BOORSTIN: And then there is “Allied” from Paramount, looking to boast its parent company, Viacom’s value ahead of a potential remerger with CBS. The film hoping to draw Oscar nominations to boost the studio in sixth place in terms of market share so far this year.
UNIDENTIFIED MALE: You said you wanted a girl with the two men.
UNIDENTIFIED MALE: Yes.
UNIDENTIFIED MALE: Marilyn Monroe.
BOORSTIN: Fox is hoping to draw an adult audience to Warren Betty’s “Rules Don’t Apply” and indie study Broad Green Pictures is luring teenagers with R-rated “Bad Santa 2”.
One big question this holiday season is whether the explosion of content available to stream on demand from Netflix and Amazon could deter audiences from making the trip to the box office and spending their money on tickets.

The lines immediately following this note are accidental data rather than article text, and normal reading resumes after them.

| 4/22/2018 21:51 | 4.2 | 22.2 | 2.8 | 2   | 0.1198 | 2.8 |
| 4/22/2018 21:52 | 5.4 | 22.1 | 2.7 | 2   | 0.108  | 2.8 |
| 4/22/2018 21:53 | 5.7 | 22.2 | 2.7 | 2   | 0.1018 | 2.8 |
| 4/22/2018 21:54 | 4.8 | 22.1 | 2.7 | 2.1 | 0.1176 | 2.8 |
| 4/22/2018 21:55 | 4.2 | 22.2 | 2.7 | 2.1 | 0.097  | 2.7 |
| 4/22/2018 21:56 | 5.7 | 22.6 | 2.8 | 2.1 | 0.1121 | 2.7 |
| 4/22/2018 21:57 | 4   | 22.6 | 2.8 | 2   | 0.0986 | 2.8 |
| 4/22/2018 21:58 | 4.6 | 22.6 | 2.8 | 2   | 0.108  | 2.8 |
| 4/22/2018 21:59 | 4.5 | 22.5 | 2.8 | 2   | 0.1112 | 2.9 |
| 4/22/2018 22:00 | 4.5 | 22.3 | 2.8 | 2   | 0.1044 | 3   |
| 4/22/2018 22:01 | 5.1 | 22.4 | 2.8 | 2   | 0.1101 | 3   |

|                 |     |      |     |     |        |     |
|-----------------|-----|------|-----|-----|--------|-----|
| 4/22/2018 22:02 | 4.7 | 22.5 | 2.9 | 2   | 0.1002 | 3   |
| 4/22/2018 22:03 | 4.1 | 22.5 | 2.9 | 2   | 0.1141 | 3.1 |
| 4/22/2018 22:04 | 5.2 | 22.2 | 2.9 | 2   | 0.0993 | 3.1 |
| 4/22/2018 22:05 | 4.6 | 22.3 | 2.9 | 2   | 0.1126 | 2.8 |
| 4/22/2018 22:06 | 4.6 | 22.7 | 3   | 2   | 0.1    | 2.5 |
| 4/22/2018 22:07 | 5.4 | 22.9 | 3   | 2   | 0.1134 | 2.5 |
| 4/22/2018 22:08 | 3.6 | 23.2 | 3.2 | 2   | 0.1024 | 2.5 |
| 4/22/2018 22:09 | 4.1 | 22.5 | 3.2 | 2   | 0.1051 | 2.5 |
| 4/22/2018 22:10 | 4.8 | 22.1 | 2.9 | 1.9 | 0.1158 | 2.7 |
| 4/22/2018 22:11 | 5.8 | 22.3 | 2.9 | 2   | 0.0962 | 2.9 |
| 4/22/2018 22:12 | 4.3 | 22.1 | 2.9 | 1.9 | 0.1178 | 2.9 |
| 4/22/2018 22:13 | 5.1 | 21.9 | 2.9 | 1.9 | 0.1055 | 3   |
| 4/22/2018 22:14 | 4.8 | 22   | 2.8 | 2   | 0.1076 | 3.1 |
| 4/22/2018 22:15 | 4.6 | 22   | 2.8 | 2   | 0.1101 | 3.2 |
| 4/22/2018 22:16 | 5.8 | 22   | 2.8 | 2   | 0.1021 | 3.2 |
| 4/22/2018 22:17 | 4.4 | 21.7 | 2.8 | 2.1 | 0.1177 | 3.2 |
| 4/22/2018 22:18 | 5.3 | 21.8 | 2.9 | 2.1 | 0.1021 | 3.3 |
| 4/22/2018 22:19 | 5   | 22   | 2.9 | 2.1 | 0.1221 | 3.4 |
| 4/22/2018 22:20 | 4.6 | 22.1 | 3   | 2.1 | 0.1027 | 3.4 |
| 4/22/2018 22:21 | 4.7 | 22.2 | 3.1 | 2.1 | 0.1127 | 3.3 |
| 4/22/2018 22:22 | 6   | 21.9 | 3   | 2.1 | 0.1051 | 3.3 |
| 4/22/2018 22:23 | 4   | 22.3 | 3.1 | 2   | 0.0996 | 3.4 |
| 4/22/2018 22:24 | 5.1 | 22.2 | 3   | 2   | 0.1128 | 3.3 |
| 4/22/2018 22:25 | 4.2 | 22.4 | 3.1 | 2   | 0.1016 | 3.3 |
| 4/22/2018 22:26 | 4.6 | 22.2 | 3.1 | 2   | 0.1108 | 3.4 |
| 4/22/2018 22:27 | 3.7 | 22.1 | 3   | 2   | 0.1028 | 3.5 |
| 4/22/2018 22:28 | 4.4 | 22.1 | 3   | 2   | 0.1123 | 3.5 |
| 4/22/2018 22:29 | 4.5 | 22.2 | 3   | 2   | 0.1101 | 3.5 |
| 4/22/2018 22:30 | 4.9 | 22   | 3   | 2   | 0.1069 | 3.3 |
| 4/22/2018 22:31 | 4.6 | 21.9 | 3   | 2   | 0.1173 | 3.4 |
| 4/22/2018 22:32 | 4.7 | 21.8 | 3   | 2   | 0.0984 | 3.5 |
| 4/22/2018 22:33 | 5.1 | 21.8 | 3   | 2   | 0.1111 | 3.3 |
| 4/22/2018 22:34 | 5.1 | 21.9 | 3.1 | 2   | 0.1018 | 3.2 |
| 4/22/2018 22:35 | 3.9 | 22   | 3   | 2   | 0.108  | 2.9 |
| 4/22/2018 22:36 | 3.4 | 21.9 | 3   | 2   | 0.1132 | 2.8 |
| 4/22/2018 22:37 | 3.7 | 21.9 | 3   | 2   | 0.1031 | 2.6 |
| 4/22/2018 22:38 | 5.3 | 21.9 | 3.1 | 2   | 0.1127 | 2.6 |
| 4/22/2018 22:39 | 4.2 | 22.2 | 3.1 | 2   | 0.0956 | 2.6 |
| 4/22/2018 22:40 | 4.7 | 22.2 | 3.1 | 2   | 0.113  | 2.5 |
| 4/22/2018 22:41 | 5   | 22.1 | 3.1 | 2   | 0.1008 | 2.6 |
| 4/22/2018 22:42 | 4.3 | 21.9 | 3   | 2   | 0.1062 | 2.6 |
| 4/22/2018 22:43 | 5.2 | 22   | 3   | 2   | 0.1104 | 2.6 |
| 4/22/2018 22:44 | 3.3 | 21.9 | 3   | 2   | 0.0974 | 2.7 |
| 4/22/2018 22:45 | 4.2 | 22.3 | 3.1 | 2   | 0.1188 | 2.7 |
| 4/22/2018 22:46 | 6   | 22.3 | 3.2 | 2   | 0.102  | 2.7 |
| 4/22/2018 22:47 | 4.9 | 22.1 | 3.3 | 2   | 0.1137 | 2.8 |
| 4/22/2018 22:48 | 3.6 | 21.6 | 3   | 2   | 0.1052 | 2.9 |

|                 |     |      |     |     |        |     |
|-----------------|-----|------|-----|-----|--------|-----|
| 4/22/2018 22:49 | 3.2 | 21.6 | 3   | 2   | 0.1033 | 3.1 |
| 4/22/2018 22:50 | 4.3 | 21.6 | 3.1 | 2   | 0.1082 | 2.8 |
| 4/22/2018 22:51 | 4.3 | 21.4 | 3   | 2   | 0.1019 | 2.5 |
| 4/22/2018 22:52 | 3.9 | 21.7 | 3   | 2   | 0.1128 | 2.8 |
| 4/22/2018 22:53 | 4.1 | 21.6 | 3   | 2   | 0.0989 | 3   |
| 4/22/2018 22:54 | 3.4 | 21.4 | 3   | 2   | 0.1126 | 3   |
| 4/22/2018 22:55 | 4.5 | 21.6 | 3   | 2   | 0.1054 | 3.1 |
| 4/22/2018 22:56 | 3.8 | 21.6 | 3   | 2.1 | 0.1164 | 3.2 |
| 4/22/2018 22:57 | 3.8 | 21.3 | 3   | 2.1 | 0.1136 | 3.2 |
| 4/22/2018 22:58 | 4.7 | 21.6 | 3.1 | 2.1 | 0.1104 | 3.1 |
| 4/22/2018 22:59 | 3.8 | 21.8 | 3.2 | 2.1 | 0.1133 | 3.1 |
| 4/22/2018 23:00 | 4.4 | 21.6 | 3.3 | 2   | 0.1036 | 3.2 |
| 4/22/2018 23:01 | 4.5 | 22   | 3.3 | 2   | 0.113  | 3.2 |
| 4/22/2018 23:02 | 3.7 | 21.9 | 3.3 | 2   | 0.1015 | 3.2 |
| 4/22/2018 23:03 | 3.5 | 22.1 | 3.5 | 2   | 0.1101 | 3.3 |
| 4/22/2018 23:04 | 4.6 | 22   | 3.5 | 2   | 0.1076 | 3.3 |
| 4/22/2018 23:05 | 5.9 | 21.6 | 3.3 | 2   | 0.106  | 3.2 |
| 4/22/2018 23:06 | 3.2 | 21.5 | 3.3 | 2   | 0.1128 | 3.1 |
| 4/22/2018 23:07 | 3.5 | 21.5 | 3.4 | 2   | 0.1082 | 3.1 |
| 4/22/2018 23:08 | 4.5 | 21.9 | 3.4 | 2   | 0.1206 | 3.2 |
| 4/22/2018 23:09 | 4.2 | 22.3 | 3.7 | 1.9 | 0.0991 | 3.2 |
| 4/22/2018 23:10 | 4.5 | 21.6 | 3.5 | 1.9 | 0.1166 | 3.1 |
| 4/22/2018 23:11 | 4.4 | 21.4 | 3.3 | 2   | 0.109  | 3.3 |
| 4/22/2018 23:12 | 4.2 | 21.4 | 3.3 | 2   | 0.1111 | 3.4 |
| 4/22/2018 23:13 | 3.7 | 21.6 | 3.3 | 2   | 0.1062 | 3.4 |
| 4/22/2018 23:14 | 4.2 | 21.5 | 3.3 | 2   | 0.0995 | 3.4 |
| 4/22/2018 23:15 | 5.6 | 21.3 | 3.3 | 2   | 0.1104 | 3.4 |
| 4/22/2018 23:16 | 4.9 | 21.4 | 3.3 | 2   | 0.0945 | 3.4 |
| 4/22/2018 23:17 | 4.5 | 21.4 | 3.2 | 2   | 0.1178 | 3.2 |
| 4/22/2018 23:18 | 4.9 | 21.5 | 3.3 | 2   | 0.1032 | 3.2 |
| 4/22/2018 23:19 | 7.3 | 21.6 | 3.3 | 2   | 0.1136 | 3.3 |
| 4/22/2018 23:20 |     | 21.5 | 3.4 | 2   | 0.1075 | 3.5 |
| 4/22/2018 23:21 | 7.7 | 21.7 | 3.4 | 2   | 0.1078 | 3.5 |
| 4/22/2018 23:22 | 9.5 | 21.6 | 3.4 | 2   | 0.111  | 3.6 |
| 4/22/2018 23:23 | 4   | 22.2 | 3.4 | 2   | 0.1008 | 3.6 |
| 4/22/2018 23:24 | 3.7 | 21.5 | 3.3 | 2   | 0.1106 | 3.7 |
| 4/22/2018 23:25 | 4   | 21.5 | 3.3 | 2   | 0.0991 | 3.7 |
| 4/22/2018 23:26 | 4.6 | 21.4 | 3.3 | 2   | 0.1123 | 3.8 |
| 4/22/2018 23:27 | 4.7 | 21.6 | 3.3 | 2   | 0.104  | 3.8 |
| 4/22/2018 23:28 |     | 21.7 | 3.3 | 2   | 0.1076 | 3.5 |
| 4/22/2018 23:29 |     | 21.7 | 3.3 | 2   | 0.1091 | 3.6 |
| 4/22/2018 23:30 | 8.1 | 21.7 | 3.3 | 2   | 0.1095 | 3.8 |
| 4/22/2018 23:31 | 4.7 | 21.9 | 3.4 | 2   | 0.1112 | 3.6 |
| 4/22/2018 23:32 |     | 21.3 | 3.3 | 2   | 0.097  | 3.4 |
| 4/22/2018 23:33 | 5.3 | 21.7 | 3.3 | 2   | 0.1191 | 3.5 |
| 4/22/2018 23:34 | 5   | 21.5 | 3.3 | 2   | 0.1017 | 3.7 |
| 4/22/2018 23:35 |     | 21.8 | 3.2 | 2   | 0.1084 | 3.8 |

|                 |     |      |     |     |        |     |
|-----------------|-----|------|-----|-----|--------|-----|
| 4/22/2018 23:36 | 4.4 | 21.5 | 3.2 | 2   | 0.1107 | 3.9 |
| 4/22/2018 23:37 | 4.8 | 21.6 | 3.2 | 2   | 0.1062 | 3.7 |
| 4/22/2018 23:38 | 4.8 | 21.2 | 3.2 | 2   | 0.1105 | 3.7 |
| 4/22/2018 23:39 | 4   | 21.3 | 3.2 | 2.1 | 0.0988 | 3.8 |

DERGARABEDIAN: When you have series like the man in the high castle from Amazon video, which will be starting its second season in mid-December and you have the “Gilmore Girls” on Netflix, I mean, there is a lot going on there. There is so much content, trying to keep people at home, that it really takes big content on the big screen to get them out of their homes and out to the movie theater.
BOORSTIN: So, there is a range of films debuting this weekend, ComScore’s Paul Dergarabedian says the lack of a breakout like last year’s “Creed” could make it very tough for studios to match last year’s Thanksgiving box office results.
For NIGHTLY BUSINESS REPORT, I’m Julia Boorstin in Los Angeles.
MATHISEN: And before we go, let’s take another look. Why not? At the record-setting day on Wall Street. The Dow advanced 67 points, to 19,023, first time above that marker. NASDAQ added 17, S&P 500 rose four, and the small cap Russell 2000 also closed at an all-time high.
HERERA: And on that optimistic note, that’s it for us on NIGHTLY BUSINESS REPORT. I’m Sue Herera. Thanks for joining us.
MATHISEN: I’m Tyler Mathisen. Thanks from me, as well. Have a great evening, everybody. We’ll see you tomorrow.